News Section: Opinion
Middle-Class Americans Second to the Canucks?
With real wages adjusted for inflation flat since the early 1970's, there's long been talk of America's shrinking middle-class. Still, it came as a shock to most when a New York Times analysis recently showed that America – long the preeminent middle-class society in the world – had actually fallen behind our neighbors to the north. To understand why upward mobility is becoming less achievable in the land of the free, we need to look beyond the politics and ideologies to the realities of the 21st century.
When you ask people what has caused the decline of the American middle-class, the off-shoring of jobs is usually the very first answer, and quite often people view it as the paramount reason. To be sure, globalization has not been kind to most people in the United States economy. In fact, all the way back when NAFTA was being considered, I argued (in a high school civics paper) that being a middle-class worker in a top-tier economy was among the worst positions to occupy in an age of globalized trade and relaxed restrictions.
Simply put, American corporations were able to access a world of cheap labor that had been somewhat restricted in the past, sending high-paying manufacturing jobs to second and third world countries where they would be performed for pennies on the dollar and free from much of the health, safety and environmental oversight that added to domestic production costs.
The flip side was supposed to be stronger trade partners who could afford to buy increasingly high-tech American products, along with cheaper goods that would come here from abroad. The cheap goods did indeed come to fruition, as anyone who's ever walked through a Walmart or Dollar Tree can attest. However, the assumption that we would dominate new, higher-skilled markets proved flawed, and we experienced much greater competition from lower cost-of-living nations who'd invested heavily in educating their workforce (India, South Korea, etc.), just as we were cutting back on the percentage of our GDP that we invested in education.
Unforeseen developments in technology also played a big role, as lightning fast internet connections paved the way for the cheap and fast transfer of data across the globe. Suddenly, jobs once thought to be impervious to relocation – like customer service and other back office operations – could also be done on the cheap elsewhere.
While cheaper goods did inflate the average American's standard of living (did you ever think in 2000 that a decade later, flat screen plasma TV's would cost less than $500, kids would have smart phones, or a laptop could be had for as little as $300?), it didn't do much for their economic standing. The inflation rates among things like health care, energy and higher education so far outpaced traditional inflation (and more importantly wages) that Americans may have had more stuff, but their balance sheets surely didn't show it. Savings hit a 50-year low last decade, just as personal debt was at an all-time high.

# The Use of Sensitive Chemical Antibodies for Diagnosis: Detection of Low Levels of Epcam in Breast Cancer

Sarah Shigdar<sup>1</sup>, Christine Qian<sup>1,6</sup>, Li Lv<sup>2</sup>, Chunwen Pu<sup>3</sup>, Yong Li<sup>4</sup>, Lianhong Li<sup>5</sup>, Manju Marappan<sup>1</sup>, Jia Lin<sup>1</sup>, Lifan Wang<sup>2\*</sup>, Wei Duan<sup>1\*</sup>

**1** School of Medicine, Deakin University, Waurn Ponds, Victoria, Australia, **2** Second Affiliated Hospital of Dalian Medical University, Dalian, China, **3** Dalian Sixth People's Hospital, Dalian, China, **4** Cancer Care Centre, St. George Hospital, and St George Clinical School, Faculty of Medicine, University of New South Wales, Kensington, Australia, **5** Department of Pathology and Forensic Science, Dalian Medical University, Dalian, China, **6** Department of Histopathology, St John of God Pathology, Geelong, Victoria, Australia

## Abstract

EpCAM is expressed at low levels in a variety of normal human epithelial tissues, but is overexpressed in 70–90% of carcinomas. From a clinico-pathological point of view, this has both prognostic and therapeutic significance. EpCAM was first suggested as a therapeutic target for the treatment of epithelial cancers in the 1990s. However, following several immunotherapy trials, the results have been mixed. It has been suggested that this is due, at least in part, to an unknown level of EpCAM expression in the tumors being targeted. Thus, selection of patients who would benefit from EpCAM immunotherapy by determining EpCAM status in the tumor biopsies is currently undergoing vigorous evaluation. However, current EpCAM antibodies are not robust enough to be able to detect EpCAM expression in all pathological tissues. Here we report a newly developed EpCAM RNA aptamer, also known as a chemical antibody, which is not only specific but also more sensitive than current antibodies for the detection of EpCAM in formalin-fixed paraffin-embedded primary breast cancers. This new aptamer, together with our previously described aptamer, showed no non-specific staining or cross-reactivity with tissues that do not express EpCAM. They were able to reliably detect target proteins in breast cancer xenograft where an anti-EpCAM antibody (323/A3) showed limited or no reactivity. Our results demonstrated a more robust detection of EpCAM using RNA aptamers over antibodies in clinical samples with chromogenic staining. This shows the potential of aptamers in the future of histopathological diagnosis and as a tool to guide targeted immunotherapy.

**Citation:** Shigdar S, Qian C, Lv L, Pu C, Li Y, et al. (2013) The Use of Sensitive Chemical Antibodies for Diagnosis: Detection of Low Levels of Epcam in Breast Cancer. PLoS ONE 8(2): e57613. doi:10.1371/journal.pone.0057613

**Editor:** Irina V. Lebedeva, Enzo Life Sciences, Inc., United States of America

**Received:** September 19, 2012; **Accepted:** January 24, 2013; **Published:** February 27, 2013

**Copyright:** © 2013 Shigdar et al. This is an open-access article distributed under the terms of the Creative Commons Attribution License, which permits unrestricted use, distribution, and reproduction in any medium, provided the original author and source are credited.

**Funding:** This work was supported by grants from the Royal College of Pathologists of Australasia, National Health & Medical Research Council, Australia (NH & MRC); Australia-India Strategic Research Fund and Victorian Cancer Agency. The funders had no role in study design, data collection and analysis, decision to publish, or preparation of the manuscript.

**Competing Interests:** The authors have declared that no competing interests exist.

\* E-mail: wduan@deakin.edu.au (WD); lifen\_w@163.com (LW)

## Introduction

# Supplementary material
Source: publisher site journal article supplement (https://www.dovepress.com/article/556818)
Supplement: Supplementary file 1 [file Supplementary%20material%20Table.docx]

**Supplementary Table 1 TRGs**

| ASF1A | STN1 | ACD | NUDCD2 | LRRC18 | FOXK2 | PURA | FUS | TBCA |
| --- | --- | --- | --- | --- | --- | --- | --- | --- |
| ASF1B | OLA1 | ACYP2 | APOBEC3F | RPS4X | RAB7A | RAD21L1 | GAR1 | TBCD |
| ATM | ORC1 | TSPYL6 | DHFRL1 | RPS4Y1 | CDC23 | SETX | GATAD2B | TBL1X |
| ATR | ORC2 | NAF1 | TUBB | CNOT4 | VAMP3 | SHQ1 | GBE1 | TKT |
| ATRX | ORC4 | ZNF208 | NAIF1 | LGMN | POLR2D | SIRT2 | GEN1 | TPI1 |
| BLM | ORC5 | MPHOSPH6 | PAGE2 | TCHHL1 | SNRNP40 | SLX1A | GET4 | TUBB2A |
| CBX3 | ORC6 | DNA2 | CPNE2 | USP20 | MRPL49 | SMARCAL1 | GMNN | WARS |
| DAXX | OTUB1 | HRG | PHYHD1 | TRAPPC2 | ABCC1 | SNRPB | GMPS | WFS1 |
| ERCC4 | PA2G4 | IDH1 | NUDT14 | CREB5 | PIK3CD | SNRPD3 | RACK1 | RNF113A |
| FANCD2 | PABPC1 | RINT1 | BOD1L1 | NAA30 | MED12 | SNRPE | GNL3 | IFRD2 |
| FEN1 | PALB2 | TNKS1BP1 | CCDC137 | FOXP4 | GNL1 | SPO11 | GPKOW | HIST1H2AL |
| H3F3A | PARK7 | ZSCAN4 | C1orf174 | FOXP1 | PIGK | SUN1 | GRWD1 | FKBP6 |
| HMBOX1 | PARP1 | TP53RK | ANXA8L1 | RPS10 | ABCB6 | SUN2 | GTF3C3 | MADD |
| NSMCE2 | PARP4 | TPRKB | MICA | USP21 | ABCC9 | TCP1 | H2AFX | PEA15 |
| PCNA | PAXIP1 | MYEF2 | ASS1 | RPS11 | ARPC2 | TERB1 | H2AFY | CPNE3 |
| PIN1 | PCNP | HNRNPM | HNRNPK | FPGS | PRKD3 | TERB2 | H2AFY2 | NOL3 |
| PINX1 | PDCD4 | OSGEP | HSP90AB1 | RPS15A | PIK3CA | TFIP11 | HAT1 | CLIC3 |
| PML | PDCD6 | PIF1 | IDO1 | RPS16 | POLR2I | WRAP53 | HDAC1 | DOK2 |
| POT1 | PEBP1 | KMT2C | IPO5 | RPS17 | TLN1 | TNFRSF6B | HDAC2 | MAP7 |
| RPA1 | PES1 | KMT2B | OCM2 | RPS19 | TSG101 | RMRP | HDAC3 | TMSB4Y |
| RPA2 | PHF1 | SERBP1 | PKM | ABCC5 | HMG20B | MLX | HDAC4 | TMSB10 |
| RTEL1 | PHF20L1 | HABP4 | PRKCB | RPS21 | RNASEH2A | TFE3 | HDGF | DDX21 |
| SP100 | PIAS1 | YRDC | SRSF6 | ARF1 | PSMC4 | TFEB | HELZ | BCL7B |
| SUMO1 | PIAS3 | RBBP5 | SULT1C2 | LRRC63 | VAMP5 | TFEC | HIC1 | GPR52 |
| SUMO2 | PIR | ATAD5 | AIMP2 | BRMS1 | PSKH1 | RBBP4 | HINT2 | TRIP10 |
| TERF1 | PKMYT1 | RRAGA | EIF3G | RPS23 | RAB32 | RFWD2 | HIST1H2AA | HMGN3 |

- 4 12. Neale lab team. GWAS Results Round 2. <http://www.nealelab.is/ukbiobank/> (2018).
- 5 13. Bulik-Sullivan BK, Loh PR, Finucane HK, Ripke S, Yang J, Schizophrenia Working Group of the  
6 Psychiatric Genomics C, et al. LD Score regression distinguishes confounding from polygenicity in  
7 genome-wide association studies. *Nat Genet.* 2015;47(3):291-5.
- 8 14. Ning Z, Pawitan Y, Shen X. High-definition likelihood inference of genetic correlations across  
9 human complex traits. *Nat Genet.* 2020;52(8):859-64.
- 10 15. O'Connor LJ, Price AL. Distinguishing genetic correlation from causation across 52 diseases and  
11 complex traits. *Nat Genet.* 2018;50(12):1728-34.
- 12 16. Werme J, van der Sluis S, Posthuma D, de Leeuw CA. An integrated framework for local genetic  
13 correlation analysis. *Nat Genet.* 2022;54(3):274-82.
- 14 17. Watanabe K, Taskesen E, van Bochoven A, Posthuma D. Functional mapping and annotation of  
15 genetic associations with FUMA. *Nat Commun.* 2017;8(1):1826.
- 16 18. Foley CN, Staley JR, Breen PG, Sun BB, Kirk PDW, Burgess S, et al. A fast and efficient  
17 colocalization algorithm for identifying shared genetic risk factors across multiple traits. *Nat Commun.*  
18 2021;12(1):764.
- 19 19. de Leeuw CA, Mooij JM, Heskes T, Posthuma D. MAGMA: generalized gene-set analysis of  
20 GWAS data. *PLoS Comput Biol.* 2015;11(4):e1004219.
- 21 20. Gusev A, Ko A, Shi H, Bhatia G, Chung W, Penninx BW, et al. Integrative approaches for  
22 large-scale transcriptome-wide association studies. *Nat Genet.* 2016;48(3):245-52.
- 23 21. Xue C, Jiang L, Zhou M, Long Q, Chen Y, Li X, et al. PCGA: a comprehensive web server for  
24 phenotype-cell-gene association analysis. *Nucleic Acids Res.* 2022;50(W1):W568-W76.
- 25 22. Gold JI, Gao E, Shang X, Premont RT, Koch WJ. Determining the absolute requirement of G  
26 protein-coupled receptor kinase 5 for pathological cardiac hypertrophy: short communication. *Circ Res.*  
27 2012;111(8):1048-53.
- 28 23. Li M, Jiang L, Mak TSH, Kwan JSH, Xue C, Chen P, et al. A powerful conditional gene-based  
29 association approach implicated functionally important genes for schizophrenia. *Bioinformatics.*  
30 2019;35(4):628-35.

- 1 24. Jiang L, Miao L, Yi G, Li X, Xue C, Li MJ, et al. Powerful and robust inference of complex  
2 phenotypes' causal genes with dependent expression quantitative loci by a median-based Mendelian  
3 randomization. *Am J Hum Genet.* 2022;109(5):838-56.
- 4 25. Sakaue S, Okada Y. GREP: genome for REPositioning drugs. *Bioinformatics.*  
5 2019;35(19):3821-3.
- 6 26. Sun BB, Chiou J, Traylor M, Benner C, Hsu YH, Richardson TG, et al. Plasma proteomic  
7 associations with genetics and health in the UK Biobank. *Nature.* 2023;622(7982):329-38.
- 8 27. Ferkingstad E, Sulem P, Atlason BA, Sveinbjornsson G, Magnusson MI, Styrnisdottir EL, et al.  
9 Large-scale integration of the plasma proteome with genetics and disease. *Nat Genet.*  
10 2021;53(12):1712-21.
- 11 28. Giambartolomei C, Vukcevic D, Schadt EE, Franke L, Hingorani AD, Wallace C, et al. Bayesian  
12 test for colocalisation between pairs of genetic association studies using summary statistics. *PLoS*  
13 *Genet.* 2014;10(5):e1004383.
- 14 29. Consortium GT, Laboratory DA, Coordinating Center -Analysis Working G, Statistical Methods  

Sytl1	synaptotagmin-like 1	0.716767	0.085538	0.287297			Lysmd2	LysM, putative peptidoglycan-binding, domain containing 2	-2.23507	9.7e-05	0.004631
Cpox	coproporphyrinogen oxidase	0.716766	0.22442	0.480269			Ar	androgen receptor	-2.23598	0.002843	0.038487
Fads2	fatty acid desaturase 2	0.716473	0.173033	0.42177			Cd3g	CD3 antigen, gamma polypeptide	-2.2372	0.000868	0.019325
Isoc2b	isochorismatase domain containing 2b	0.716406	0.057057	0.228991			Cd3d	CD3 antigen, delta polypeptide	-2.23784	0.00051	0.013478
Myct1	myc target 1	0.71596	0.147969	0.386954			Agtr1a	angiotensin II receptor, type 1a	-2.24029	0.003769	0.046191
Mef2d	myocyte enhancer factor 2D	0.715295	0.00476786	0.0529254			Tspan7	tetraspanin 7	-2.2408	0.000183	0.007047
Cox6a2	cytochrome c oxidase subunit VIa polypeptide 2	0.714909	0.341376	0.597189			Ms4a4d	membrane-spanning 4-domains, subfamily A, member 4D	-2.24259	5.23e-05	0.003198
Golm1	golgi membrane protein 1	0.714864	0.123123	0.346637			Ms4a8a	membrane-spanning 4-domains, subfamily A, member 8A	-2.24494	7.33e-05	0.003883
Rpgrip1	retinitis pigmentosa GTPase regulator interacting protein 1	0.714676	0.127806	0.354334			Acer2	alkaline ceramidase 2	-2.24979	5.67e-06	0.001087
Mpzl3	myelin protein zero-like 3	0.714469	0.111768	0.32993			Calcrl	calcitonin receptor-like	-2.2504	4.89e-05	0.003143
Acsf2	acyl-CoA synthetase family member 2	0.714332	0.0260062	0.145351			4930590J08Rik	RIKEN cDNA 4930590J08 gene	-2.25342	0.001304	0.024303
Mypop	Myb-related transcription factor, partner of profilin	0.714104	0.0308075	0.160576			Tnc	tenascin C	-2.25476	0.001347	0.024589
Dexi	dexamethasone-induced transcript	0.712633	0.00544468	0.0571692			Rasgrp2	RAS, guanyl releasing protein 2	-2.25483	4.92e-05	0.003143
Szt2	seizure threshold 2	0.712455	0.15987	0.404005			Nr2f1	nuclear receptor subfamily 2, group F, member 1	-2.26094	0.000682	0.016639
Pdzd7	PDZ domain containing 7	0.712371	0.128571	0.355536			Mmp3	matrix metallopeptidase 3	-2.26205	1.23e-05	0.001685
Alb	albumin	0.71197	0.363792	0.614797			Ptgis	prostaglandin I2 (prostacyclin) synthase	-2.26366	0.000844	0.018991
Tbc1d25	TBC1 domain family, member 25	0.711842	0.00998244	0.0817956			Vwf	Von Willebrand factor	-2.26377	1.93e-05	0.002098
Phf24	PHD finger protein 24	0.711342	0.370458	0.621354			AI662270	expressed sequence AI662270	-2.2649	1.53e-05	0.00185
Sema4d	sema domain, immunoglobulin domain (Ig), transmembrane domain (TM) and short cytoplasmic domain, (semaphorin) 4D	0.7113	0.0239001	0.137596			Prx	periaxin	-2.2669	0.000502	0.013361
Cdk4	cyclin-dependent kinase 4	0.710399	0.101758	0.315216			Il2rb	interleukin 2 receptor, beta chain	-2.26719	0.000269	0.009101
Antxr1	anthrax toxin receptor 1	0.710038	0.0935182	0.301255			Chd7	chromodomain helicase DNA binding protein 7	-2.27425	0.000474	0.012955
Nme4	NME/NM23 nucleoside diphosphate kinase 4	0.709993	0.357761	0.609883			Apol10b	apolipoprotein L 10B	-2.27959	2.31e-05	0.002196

At the same time, technology also put pressure on the job market. Most data suggests that we've lost at least as many jobs to automation as off-shoring. In the past, it's been an economic assumption that new technologies always lead to a net gain in economic activities. However, we're actually beginning to see evidence that such is no longer the case – a phenomenon that is compounded by the fact that many of the replacement positions can themselves be off-shored, such as our automated red-light cameras whose data is monitored and processed thousands of miles away.
It goes without saying that there is an efficiency to putting a camera on a traffic signal over hiring additional officers to patrol the streets; using them instead of people to man toll booths, or replacing grocery clerks with self-checkout lanes. But the fact remains that around 130,000 people enter the U.S. workforce on average each month. The more jobs that are performed through non-labor intensive technologies, the fewer of them who will find employment, especially when associated jobs can be outsourced.
At the root of the problem is an economic system that does not reward employees for an increase in productivity. Because of increases in technology, the American worker is vastly more productive than ever before in human history. There is nary a position in which the work cannot be done faster or with less people involved than it took 30, 20 or even 10 years ago, mostly because of computer-related technology.
From a purely mathematical perspective, the economy would function much better under these circumstances if this increase in worker productivity correlated to an increase in the average worker's value. However, our system is set up in the exact opposite fashion. As workers become more productive, demand for labor goes down, even as output goes up. Therefore, the profits increase for owners and return increases for investors, while the supply/demand function of the labor markets actually incentivizes the job seekers to work for less and less.
The obvious problem in a consumption-based economy is that stagnant wages and high unemployment depress consumer spending, a phenomenon that in recent years we managed to somewhat avoid, or at least delay the ramifications of, through all sorts of ill-advised credit schemes, nearly bringing down the world economy in the process.